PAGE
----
Coping with Cancer - It’s a Family Affair
by Michelle Riba, MD, MS, and Karen Hammelef, MS
Like any chronic medical condition, cancer is a family illness. Everyone is affected in some way. In fact, people with cancer frequently tell us that coping with a cancer diagnosis is worse for their families than it is for themselves. Since each family’s situation is unique, it is impossible to generalize. There are, however, some important points to convey to families when a loved one has cancer.
Review family priorities. What is still important? And what can be modified? Each family has to decide how to get through the immediate shock of diagnosis and then how to respond to a host of subsequent issues over the long term. For example, holiday traditions or vacation plans may need to be revised.
Don’t be afraid to ask for help. Who can help the family out? Assistance can come from within the family, outside friends, the community, and elsewhere. Family and friends may be able to help out by shifting work and play schedules, assisting with meals, and arranging for rides to and from activities. Teachers might be able to provide extra assistance to school-age children. Older siblings can provide support through phone calls or e-mails to younger siblings. Spouses or partners can ask for help from neighbors or friends with duties such as carpooling children or driving to and from radiation or chemotherapy appointments.
Sometimes a cancer diagnosis can bring a family closer together.
Look at finances and new ways for budgeting. Cancer is costly for families in terms of lost wages, co-pays for doctors’ appointments and medications, and additional expenses such as childcare and transportation costs. Families need to discuss these issues in order to allay worries and fears. Hospitals often allow people with cancer and their families to develop budgets for paying bills, and businesses often can offer financial assistance if they are aware of illness in the family.
Families sometimes lose their sense of regularity, such as eating dinner at the same time, when someone gets very sick. There are so many “losses” with cancer, but sometimes there are also some wins, times when the family can find great opportunities to be together. Figuring out a new normal is difficult, but sometimes open communication is good enough. Trying to laugh, being in the moment, and finding joy are all important goals throughout cancer care.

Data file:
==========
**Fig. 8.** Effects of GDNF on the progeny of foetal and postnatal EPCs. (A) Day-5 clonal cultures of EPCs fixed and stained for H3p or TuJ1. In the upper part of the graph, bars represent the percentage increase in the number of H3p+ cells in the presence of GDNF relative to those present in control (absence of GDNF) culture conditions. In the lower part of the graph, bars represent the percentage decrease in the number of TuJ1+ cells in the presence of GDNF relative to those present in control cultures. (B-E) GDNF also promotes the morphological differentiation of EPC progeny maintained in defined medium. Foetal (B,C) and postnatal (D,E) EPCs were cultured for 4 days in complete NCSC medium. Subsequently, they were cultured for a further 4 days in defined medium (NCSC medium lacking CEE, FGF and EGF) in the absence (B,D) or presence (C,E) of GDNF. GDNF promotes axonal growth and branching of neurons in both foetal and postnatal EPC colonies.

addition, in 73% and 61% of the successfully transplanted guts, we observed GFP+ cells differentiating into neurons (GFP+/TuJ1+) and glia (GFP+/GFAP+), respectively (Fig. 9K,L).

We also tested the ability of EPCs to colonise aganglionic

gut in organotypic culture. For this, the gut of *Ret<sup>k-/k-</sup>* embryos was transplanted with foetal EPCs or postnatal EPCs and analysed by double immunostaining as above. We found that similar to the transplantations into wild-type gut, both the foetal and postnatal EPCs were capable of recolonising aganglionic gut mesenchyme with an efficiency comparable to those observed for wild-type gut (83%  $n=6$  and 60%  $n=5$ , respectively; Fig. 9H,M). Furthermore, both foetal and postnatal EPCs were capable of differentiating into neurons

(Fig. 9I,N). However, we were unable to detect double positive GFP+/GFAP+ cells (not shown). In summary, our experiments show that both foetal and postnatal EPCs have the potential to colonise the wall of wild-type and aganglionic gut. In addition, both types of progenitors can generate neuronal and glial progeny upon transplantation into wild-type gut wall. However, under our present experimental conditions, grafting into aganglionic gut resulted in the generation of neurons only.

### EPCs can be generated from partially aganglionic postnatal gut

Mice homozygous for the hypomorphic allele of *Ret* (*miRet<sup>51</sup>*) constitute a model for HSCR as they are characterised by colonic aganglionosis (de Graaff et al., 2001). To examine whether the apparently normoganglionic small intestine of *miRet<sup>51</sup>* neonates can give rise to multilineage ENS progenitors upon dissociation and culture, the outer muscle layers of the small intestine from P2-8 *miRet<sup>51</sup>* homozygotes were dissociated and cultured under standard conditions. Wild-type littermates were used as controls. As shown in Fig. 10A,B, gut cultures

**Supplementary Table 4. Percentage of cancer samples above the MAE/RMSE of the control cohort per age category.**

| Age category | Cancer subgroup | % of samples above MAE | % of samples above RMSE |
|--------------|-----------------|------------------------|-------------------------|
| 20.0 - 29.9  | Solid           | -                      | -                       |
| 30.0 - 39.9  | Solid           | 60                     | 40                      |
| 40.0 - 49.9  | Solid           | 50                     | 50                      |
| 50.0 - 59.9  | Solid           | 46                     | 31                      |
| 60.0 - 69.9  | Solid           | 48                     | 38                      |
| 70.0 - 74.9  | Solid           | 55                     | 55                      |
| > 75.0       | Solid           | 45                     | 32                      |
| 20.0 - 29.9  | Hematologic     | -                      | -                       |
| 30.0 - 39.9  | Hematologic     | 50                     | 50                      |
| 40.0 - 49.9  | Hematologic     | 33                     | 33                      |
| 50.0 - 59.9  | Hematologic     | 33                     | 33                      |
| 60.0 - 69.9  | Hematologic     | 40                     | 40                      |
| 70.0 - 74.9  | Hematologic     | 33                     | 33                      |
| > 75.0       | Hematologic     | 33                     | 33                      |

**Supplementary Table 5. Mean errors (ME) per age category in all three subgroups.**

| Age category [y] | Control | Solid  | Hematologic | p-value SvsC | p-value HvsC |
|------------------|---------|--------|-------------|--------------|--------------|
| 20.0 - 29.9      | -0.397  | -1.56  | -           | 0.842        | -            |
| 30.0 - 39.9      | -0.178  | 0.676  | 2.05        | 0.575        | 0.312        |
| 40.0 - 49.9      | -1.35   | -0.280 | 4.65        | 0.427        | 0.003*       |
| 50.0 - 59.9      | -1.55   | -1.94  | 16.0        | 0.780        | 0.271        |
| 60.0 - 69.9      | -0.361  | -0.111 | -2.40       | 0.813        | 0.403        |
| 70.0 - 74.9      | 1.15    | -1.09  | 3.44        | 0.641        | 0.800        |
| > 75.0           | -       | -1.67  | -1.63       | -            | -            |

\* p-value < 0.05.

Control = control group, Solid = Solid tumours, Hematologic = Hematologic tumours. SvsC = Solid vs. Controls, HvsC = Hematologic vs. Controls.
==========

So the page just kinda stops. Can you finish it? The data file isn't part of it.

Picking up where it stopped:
Many people try to tell you what they went through, or what their Aunt Tilly went through, even when the cancer or the situation is completely different from the one you and your family are experiencing. How should families deal with these folks who are well meaning but sometimes terrify you and your family? Making sure you and your family regroup each day or on a regular basis to share these kinds of “war stories” might be a good idea. We usually ask our patients about these kinds of issues when we see them for psychiatric care. These confrontations are so prevalent. Find someone in your life – a professional, friend, other relative – whom you can talk with about these issues.
Family members often feel depressed and anxious, themselves. It is important for family members to take care of themselves physically, emotionally, and mentally throughout the course of cancer care and into survivorship.
Job loss and stress are key issues for family members. For teenagers, the stress comes out in schoolwork and friendships. For younger children, it could be behavioral aspects, including sleeping troubles and regression. Each family member copes with stress differently. It is important to think about mental health issues for all family members and how to receive appropriate physical and mental care. Most oncology practices recognize this and are able to help make such referrals for people with cancer and their families.
There is no right way for families to survive the cancer experience. Whatever the past has been, one of the positive aspects of cancer is that it is a time for families to work together to help one another.
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Dr. Michelle Riba is professor and director of the PsychOncology Program and Karen Hammelef is director of patient support services, both at the University of Michigan Comprehensive Cancer Center in Ann Arbor, MI.
This article was originally published in Coping® with Cancer magazine, January/February 2009.